Some folks who help hikers have been thru-hikers themselves. After completing his epic hike (along with his college age son) a few years ago, Scott began searching for a property that he and his wife could turn into a hostel for hikers. They bought a historic home with outbuildings near Front Royal, Virginia. The property had been abandoned for more than a decade. Many would have ignored it as a ruin. Scott and his wife saw the possibilities and are pouring energy and money into restoring the home to its former glory. The hostel is already up and running—a cozy brick cottage which sleeps up to 8 hikers. The big house will eventually hold living quarters for Scott and his wife plus 3 fancy bed & breakfast rooms. Scott is passionate about history and has uncovered many fascinating stories about the lives of those who lived here over the years. (If you are a hiker, definitely stay at the hostel. If you are looking for a B&B, keep an eye for when those rooms open sometime next year! Facebook link HERE ) Mountain Home "Cabbin"

Mountain Home B&B

Storyteller Scott

Some folks have little or no hiking experience but enjoy meeting and helping AT hikers. In two different towns, we paid for someone to shuttle us to another part of the trail. (Phone numbers for these folks are found in trail guides or on lists at visitor centers in towns along the trail.) Debbie saved our trip by letting me avoid a very steep 6 miles of hiking with a broken toe. Sharon drove us to a Walmart on the far side of town to resupply fuel and buy some warm gloves. On a gray rainy day, Shellie took us to a parking area that was a hop, skip, and jump away from a shelter for the night. This also meant we could carry a fellow hiker’s gear so she could “slackpack” a long day of hiking. And then Shellie rescued us the next day and came back to evacuate us to town to more easily meet my sister for a few days off trail during bad storms. (See post HERE)

Other folks are “Trail Angels.” (I explained about “Trail Magic” HERE) In the Shenandoah National Park, we discovered that the campground where we were hoping to spend a zero day was full for the second night. We decided to try to catch a ride and get there a day earlier. Lori talked with us at a picnic area and agreed to give us a lift to the campgrounds. She is from Victoria Island, British Columbia and is traveling with her little trailer for 4 months of exploring the US. She asked a zillion questions which we happily answered. She took our photo to add to her memories of interesting people she meets along the way. We took her photo to remember some of the Trail Angels who helped our trip be easier. helper Lori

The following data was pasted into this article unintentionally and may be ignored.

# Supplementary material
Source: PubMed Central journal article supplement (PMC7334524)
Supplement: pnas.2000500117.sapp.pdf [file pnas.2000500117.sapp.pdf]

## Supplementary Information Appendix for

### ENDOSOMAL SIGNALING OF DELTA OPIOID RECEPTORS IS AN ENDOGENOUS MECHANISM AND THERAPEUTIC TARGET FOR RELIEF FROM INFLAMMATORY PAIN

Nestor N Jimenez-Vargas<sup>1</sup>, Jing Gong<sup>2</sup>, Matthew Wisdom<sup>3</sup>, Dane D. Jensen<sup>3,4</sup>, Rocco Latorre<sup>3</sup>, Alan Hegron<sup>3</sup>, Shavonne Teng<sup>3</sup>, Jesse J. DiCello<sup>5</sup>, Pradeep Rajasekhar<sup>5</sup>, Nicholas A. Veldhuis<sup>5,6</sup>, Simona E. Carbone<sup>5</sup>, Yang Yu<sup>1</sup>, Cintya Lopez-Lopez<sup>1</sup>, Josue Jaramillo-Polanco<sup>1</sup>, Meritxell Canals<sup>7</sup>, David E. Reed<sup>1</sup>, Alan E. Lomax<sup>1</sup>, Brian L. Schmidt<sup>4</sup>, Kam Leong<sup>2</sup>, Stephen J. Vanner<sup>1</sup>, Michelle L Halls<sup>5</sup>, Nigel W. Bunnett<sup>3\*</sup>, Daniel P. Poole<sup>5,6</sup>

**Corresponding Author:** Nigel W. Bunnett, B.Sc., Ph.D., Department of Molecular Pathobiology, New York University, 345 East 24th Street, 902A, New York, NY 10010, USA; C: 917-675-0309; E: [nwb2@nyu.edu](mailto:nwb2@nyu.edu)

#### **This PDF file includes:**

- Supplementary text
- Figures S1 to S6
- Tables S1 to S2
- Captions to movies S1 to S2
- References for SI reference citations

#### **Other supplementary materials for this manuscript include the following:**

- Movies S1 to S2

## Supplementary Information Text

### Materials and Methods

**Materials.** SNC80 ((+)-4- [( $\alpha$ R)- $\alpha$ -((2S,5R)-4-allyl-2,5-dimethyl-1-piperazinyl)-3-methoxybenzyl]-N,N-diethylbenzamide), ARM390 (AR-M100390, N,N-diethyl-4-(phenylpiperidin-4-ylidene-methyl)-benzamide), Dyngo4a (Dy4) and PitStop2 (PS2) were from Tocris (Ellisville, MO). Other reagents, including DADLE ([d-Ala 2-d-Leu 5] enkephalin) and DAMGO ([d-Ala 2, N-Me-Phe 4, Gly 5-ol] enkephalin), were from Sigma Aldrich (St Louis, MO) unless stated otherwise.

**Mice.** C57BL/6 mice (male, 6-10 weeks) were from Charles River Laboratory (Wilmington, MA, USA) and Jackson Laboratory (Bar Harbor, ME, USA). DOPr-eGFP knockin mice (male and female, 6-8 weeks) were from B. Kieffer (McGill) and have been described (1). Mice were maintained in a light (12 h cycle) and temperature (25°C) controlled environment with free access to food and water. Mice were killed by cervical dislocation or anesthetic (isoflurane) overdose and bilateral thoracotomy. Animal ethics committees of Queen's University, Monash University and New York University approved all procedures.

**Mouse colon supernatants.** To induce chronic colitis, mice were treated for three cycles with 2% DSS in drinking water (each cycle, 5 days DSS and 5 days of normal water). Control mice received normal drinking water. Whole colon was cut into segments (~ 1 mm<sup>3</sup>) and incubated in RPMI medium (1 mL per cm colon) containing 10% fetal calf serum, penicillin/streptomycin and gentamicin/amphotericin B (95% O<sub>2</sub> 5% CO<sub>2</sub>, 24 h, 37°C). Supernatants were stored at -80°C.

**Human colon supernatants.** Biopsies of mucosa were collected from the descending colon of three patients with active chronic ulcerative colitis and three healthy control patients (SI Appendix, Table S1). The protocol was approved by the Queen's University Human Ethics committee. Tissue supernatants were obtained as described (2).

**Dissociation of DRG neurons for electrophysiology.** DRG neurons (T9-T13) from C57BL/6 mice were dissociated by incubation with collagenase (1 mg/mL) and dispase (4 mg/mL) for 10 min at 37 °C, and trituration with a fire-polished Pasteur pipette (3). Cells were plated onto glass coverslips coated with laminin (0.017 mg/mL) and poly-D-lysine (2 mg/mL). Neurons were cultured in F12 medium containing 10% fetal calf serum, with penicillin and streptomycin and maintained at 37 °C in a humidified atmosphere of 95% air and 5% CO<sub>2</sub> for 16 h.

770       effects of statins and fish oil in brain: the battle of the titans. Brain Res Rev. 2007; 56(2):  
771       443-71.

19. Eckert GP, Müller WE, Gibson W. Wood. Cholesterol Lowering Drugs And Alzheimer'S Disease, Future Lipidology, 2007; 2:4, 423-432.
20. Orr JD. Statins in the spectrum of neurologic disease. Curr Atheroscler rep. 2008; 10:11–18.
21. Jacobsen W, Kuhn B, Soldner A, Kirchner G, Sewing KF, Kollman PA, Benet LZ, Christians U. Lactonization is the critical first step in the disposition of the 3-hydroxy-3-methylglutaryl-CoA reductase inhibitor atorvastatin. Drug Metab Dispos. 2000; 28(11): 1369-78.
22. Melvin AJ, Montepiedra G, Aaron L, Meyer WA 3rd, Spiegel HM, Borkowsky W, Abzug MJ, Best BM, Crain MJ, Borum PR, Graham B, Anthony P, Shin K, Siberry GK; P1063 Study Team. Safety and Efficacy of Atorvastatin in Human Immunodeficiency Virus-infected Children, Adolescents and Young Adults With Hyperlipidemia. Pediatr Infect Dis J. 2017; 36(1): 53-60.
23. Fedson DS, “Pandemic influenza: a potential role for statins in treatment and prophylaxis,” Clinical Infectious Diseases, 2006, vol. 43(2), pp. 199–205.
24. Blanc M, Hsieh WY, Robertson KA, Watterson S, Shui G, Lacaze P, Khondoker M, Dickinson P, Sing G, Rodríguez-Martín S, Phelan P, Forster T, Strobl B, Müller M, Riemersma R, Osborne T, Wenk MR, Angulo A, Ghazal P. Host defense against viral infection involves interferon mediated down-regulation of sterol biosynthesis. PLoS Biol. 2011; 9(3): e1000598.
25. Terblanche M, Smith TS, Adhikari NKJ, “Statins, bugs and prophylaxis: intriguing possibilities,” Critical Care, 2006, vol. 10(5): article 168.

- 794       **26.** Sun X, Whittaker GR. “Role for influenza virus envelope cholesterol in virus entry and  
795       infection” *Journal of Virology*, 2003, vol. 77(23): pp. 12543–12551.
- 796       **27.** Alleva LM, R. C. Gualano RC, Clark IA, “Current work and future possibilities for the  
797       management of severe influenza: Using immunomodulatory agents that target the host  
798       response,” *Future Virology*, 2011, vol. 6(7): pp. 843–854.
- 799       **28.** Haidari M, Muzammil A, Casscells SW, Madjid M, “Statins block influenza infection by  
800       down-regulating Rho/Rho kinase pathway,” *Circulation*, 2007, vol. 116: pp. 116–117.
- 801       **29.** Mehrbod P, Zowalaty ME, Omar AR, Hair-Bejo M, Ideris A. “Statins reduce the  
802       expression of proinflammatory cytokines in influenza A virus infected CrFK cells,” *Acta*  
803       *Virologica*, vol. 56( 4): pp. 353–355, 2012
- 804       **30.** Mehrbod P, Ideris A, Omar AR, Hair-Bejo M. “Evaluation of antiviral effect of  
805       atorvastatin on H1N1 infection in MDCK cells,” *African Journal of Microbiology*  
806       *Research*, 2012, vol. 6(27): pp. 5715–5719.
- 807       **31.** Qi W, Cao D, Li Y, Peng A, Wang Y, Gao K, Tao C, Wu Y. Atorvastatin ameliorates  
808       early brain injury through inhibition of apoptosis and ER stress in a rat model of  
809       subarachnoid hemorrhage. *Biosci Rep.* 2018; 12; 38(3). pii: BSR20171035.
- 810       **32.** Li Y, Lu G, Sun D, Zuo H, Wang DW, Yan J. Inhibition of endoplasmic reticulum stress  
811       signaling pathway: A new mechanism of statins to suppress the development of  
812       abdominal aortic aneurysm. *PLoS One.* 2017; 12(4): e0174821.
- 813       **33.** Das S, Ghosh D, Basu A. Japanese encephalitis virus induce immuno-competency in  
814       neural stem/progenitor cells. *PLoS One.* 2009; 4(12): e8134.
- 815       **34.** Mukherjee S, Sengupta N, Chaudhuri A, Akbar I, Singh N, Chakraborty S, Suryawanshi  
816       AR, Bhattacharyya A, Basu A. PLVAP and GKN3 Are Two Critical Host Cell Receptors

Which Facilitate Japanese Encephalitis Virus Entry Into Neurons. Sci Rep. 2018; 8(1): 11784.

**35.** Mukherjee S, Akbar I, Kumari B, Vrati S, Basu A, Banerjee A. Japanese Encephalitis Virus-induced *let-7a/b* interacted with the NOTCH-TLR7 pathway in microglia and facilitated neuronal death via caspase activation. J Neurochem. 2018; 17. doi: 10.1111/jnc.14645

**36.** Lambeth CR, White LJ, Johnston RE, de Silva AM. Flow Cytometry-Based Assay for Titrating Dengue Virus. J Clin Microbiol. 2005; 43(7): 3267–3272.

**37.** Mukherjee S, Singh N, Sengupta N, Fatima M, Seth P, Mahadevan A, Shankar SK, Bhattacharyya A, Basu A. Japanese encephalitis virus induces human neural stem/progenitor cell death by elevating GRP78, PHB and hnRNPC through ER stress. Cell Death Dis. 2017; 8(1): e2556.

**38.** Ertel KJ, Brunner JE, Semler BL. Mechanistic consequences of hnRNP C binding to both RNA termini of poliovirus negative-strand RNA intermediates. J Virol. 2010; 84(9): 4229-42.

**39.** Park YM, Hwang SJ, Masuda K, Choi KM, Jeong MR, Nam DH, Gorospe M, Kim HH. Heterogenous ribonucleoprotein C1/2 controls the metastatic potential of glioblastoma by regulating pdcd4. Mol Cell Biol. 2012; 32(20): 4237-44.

Many folks are easily forgotten—the ones who move to the other side of the street when we are walking in town, the ones who ignore us in park campgrounds, the ones who are unfriendly or unhelpful. The folks who are Hiker Helpers will be remembered for a very long time!

(Note: We finished our hiking for this year on Oct. 21. We continue to share photos and posts from our adventure for the next few weeks.)

A Touch of Home

“You will never be completely at home again, because part of your heart will always be elsewhere.”—Miriam Adeney

As I have said before, I thrive on adventure, on the next big “epic” in life. It truly is exciting to go new places, meet new people, and try new things. No matter how much I love these new experiences, reality soon sets in. I begin to miss home: friends and family, pets, and “normal” routines. My heart is pulled in many directions at the same time!

As we started our epic adventure of a long-distance backpacking trip on the Appalachian Trail, we happily said goodbye to friends and family at home. It was harder to say goodbye to husband/daddy when we reached the trail. We wouldn’t see him again for a few months…

saying goodbye

Along the way we discovered that many fellow hikers were surprised that we were fully supported and encouraged by hubby/dad to pursue this dream. When we paid attention, we realized most females on the trail were either hiking with their fellow or were single. Wow! What a gift we had been given! (Read more about how hubby and I support and encourage each other to pursue individual passions HERE.)

For the first few weeks, we had strong cell phone reception and internet access. We could talk to family back home and could keep up with friends online. The encouragement and support we received was significant in helping us persevere, especially on difficult days. At one resupply stop, there was an unexpected note waiting for us. Yay! That little card kept me from calling it quits when I questioned the wisdom of continuing to hike with a painful, broken toe.

notes from home

We always enjoyed the new places and new people we encountered. We soaked up the natural beauty surrounding us each day. But…we missed hubby/dad more and more each week. One afternoon, we were sitting on a bench at a shelter, feet propped up, watching the access trail for other hikers to stop for the night. Here came a fellow…but wait! He had no pack…and he looked familiar… Hurrah! Daddy/Husband surprised us, found us by our itinerary, and joined us on the trail for a few days! Unbelievable!

surprise visitor

(We discovered later that stories of this visit were passed up and down the trail along the thru-hiker grapevine. It really was considered an unusual, very big deal!)